The strike movement in May swelled thanks to the mass, working-class base of the labor movement and the left. About a fifth of the French work force belonged to a union at the time. This was a sign of significant influence. Unlike in the United States, union membership in France doesn’t confer additional job benefits. To hold a union card in France is to be a workplace activist, to adhere to a certain set of values. In 1968, most unionized employees belonged to the Communist-tied CGT, whose program plainly endorsed the class struggle and the nationalization of key economic sectors. In certain workplaces—especially in the auto industry and in heavy industry—union density was higher than 20 percent, and non-members were often sympathizers. While labor leaders didn’t call for May’s strike wave and CGT officials sought to bring it to an end, it is inconceivable to imagine the movement’s taking root without a base of union activists.
By the same token, the dominant force on the left was the French Communist Party (PCF). Party leaders were famously critical of the student movement in 1968, and justifiably mocked for their outmoded political vision. Still, the PCF’s presence fueled a working-class political consciousness matched in Europe only by Italy, where the Communist Party carried similar weight. French Communists had received the second-highest vote total in the previous year’s legislative elections, just behind the Gaullists. While many critics emerged to the party’s left in the 1960s, nearly all remained attached to the Marxist tradition. Thousands of these Maoists, Trotskyists, and anarchists fanned the flames of rebellion in 1968.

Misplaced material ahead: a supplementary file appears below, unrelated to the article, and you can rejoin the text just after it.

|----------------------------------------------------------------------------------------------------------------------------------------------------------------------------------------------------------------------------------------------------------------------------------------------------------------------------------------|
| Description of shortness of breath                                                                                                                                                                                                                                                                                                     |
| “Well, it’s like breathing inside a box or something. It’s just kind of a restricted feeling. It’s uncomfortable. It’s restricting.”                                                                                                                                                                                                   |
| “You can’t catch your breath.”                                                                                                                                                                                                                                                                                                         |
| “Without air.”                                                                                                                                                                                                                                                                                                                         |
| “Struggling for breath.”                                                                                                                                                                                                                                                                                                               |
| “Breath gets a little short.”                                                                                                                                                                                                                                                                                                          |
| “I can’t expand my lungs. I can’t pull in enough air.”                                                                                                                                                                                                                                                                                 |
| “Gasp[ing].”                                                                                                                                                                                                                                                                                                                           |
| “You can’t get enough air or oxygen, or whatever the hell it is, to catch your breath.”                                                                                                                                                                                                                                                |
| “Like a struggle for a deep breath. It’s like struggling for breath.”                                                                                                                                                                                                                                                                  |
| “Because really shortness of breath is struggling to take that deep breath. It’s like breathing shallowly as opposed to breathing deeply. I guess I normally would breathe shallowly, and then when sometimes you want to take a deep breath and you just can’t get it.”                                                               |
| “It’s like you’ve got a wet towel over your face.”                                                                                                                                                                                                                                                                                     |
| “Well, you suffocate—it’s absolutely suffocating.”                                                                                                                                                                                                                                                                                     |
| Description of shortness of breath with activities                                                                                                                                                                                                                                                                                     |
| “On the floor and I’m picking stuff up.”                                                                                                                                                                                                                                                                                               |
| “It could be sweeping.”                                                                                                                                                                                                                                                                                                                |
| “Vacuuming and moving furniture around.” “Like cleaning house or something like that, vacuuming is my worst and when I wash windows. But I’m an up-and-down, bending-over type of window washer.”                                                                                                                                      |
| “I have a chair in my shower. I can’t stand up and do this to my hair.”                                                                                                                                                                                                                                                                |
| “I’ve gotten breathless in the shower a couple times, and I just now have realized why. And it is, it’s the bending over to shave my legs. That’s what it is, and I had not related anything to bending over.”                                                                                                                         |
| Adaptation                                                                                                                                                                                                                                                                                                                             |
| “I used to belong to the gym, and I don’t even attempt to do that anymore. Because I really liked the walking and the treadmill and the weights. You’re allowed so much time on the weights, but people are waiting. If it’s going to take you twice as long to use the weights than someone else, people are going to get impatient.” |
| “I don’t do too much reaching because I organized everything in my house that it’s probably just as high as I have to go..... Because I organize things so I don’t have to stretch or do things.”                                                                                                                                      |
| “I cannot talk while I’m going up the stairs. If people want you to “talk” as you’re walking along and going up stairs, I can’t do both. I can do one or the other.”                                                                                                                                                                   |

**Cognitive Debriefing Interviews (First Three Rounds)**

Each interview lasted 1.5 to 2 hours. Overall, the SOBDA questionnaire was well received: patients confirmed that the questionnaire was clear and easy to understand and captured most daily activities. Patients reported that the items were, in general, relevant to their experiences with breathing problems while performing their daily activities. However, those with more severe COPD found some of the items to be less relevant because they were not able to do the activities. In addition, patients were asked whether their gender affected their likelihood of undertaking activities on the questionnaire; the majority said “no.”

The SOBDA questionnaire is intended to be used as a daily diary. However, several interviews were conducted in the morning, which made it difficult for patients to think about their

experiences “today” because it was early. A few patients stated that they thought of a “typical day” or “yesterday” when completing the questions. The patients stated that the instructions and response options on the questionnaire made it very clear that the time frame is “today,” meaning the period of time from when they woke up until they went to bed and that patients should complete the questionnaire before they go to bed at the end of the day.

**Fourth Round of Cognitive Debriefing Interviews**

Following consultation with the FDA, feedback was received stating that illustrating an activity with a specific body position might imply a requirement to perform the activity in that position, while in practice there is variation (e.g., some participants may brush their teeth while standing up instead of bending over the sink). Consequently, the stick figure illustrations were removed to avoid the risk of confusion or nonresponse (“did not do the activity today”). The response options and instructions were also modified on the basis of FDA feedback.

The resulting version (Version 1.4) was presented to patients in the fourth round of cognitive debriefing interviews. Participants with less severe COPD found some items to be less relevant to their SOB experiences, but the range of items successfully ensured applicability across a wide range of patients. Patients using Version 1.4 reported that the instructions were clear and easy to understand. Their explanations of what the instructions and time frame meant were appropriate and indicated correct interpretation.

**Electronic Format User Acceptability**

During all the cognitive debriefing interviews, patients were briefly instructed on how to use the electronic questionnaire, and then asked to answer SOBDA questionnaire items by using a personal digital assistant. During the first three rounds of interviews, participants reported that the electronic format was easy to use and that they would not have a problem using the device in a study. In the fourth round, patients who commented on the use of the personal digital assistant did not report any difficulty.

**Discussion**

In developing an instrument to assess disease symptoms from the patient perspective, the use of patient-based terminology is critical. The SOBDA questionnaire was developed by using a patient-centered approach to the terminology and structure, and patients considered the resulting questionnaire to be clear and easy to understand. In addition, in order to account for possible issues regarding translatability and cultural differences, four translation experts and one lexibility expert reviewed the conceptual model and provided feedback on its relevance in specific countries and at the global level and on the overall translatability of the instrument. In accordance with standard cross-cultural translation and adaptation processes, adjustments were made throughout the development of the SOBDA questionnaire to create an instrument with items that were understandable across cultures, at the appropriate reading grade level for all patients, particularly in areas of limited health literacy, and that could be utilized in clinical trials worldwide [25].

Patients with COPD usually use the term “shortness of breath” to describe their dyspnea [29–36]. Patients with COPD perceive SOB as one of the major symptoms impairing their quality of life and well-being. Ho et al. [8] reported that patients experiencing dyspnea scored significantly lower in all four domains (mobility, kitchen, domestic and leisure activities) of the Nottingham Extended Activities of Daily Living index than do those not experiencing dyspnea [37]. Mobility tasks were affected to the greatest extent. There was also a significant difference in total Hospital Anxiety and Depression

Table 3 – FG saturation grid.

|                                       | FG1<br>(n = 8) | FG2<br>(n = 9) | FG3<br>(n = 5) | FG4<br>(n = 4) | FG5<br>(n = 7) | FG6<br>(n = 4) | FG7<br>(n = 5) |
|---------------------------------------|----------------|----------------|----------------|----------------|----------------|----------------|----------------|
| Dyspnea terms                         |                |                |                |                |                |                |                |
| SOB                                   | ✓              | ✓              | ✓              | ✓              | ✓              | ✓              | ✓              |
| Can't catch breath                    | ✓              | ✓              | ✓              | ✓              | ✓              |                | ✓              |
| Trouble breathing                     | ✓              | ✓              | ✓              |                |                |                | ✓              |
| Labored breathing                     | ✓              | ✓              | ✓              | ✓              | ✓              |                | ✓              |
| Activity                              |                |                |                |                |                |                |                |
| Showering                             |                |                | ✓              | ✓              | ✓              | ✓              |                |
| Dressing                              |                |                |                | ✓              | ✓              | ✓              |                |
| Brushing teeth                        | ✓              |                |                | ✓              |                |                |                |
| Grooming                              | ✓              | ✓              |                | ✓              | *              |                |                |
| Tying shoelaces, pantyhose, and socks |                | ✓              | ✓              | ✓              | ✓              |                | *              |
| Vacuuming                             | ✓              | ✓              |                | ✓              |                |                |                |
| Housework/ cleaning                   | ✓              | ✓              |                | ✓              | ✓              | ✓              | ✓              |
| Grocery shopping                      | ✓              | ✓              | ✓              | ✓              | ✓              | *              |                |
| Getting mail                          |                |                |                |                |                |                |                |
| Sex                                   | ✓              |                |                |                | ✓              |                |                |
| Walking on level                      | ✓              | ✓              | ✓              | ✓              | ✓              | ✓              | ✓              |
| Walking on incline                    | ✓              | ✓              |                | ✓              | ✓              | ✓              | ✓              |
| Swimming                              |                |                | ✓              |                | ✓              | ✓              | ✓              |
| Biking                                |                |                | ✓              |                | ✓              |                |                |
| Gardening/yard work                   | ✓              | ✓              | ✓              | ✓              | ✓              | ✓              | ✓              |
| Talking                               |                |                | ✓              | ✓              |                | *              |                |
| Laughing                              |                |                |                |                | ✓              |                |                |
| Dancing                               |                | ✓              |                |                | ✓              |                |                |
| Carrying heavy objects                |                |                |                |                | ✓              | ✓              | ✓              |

Once the fire started, then, it was hard to put out.
In March 1968, Le Monde ran a now-legendary column titled “When France Is Bored.” The writer lamented the apparent calm reigning over France, just as the United States rioted, Vietnam burned, and China was swept by the Cultural Revolution. It’s a reminder of how the vast majority of the French intellectual establishment didn’t see May ’68 coming. Of course, an Algerian autoworker or a public-sector union activist would have written a very different piece.